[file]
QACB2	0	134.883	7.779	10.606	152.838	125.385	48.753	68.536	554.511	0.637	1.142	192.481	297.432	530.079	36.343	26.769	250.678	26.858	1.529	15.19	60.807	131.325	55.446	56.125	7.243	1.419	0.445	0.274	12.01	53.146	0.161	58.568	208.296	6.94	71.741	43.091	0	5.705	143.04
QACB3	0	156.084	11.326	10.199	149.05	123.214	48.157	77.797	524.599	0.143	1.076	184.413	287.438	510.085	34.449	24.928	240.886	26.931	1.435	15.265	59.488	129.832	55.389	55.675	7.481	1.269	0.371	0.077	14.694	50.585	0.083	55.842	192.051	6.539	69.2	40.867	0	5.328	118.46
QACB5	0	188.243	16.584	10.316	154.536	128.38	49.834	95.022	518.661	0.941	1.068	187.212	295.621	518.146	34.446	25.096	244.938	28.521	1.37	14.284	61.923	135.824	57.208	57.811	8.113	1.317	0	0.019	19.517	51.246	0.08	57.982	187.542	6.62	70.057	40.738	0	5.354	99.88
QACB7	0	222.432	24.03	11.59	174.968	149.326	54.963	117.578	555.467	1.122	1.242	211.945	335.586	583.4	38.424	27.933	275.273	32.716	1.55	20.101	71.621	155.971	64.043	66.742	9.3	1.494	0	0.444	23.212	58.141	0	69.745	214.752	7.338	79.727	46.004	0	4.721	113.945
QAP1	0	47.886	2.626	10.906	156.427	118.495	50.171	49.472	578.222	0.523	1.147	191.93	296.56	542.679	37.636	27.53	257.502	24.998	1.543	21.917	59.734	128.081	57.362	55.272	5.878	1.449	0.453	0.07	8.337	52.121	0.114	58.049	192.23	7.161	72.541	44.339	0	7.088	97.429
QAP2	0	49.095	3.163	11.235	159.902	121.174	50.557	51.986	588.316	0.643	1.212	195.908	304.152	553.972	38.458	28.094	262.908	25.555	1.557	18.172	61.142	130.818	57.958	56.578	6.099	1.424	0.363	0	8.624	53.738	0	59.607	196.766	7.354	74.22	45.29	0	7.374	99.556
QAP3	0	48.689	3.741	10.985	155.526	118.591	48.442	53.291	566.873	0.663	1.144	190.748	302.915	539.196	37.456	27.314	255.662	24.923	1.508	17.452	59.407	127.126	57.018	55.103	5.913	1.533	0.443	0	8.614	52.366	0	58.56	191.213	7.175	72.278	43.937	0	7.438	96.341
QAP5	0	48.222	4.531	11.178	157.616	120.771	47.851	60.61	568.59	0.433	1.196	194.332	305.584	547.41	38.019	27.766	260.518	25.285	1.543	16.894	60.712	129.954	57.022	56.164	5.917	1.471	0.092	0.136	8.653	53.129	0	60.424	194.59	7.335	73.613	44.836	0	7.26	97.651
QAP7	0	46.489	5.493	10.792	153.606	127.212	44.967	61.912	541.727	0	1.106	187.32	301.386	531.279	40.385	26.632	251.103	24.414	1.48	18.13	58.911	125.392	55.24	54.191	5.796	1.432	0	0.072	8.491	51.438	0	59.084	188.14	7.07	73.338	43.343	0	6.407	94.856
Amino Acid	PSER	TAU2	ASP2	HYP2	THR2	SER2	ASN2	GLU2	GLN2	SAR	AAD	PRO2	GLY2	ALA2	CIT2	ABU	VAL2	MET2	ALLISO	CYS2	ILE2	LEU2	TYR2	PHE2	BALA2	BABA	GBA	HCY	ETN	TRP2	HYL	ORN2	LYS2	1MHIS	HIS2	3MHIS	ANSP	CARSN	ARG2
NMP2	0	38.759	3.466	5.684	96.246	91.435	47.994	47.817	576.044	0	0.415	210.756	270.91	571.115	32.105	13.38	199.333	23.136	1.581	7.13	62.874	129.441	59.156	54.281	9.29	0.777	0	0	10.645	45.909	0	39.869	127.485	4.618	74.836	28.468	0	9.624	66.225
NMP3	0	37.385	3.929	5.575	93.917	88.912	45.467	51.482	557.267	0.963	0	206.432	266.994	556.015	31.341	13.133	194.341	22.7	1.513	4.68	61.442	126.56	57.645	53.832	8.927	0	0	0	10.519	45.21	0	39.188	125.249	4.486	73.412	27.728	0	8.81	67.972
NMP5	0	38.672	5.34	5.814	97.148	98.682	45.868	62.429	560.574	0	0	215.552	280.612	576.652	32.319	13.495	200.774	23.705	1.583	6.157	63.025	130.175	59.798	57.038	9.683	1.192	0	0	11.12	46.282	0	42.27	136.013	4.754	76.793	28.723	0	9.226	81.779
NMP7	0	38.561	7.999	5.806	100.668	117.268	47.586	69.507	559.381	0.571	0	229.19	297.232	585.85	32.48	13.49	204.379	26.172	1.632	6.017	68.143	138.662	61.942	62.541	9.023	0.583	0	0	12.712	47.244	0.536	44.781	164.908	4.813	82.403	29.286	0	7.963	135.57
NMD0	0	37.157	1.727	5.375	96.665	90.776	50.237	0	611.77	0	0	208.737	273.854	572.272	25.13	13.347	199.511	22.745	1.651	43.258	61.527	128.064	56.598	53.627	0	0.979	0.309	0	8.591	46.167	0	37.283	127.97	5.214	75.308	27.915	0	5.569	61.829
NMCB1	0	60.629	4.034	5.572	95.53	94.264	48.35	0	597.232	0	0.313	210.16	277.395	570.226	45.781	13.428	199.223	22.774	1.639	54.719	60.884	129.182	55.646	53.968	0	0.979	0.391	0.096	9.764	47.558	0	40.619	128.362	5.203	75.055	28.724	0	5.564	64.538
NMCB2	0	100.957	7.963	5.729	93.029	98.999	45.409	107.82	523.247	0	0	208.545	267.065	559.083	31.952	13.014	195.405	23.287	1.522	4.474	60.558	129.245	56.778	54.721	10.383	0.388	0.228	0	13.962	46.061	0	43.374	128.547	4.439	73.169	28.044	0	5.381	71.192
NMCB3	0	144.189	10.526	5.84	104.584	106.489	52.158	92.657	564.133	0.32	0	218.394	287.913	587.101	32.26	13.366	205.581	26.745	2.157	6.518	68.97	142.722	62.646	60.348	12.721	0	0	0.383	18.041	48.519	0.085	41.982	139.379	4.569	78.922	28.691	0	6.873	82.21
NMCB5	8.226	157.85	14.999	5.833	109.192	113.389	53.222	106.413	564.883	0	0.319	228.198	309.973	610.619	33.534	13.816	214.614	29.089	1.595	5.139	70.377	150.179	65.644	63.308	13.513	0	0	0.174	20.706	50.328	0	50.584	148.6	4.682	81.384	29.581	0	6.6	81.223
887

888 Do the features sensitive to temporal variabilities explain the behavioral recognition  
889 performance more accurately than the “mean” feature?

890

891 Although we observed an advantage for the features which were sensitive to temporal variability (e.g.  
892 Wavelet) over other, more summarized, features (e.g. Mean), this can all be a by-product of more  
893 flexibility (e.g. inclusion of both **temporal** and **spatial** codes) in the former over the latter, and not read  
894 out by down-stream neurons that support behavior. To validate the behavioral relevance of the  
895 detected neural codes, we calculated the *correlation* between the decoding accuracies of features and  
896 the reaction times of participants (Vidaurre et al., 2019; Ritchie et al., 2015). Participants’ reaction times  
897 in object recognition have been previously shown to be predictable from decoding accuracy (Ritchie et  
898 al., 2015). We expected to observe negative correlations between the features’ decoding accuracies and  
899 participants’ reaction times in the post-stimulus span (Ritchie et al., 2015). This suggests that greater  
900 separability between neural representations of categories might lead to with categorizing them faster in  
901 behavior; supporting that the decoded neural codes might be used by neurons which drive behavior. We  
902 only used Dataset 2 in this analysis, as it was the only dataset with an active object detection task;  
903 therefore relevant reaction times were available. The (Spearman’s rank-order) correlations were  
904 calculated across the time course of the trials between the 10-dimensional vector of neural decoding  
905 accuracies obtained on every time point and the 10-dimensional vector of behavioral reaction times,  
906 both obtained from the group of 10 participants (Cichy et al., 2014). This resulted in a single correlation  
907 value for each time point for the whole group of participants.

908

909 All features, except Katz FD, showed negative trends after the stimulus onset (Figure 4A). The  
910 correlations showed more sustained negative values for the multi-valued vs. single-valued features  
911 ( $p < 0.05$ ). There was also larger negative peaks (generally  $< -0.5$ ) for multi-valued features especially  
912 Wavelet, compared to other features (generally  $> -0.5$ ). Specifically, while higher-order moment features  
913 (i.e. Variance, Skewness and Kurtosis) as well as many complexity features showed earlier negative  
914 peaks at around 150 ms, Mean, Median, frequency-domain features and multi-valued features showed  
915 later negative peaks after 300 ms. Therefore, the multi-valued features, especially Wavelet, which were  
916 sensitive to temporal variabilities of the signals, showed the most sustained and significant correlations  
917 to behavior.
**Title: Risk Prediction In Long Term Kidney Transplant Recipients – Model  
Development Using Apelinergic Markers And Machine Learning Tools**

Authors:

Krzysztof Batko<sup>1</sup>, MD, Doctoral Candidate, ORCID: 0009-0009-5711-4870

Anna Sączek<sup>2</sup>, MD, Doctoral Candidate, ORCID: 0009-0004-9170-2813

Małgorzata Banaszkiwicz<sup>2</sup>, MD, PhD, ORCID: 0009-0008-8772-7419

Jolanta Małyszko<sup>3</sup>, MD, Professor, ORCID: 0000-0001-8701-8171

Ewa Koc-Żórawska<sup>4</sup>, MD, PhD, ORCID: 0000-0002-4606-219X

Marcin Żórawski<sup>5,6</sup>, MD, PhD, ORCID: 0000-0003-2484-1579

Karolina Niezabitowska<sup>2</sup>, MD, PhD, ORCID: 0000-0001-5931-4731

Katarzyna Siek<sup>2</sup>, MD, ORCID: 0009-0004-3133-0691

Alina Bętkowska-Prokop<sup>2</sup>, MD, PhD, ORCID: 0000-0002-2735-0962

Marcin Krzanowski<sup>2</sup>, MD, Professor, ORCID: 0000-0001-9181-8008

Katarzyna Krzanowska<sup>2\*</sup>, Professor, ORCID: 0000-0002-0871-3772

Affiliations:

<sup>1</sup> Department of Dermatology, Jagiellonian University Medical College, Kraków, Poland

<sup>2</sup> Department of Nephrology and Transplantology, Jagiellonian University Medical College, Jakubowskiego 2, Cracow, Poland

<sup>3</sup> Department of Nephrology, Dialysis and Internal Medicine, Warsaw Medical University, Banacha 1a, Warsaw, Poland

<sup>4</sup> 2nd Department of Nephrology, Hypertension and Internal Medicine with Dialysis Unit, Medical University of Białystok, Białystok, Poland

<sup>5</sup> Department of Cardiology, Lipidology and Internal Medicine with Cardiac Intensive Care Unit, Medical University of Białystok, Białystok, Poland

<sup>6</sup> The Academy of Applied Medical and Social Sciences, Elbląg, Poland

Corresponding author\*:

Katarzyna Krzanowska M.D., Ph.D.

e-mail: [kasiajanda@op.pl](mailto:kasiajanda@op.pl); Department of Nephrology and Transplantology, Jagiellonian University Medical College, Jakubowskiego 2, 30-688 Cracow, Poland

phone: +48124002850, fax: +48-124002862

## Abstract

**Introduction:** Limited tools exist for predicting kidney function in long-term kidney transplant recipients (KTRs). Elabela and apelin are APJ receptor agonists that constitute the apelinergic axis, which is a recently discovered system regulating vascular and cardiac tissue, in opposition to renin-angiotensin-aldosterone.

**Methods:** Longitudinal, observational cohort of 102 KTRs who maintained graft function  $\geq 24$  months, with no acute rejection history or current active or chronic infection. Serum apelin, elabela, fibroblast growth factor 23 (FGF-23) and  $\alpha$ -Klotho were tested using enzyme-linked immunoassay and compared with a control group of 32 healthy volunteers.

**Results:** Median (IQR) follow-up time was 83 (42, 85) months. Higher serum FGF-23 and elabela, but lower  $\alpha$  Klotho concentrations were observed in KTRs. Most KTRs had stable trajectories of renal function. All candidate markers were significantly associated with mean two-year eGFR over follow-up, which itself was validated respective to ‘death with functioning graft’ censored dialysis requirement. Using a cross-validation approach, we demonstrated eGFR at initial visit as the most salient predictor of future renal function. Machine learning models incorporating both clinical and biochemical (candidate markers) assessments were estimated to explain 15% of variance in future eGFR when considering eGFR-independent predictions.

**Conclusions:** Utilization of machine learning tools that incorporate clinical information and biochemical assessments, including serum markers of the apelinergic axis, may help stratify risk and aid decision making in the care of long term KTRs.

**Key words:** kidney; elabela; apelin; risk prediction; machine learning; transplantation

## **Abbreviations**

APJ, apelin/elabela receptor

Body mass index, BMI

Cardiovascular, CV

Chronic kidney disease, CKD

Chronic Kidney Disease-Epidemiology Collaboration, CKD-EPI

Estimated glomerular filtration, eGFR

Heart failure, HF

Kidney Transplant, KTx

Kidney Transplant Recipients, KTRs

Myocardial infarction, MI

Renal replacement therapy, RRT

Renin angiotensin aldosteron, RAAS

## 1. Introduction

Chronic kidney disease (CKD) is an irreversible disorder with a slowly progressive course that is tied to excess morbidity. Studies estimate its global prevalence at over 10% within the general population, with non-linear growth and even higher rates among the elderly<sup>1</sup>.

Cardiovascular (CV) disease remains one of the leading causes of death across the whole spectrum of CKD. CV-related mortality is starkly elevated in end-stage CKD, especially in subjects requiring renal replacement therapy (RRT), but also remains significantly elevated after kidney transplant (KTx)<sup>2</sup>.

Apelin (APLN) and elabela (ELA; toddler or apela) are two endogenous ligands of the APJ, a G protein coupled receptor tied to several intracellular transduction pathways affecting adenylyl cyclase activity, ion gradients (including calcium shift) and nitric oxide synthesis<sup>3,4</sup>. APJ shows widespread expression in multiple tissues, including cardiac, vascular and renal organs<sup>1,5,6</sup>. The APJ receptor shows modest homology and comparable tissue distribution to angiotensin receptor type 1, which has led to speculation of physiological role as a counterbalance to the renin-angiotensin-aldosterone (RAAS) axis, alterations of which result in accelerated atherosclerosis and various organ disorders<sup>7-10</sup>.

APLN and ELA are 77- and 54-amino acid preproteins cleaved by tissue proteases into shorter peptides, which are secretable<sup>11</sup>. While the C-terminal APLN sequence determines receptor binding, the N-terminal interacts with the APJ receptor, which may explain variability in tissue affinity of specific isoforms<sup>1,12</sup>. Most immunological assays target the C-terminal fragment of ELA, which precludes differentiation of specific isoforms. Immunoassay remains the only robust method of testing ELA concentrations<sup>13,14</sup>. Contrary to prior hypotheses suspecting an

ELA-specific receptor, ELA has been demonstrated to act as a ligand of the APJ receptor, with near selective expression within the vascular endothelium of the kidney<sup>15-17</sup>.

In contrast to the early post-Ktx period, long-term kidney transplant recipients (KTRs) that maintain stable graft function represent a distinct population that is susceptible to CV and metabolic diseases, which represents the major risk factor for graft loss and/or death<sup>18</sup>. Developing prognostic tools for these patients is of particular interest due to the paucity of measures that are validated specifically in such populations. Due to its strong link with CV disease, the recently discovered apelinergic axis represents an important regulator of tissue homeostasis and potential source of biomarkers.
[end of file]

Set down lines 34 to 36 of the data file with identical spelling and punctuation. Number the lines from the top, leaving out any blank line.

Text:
901 behavior; supporting that the decoded neural codes might be used by neurons which drive behavior. We  
902 only used Dataset 2 in this analysis, as it was the only dataset with an active object detection task;  
903 therefore relevant reaction times were available. The (Spearman’s rank-order) correlations were  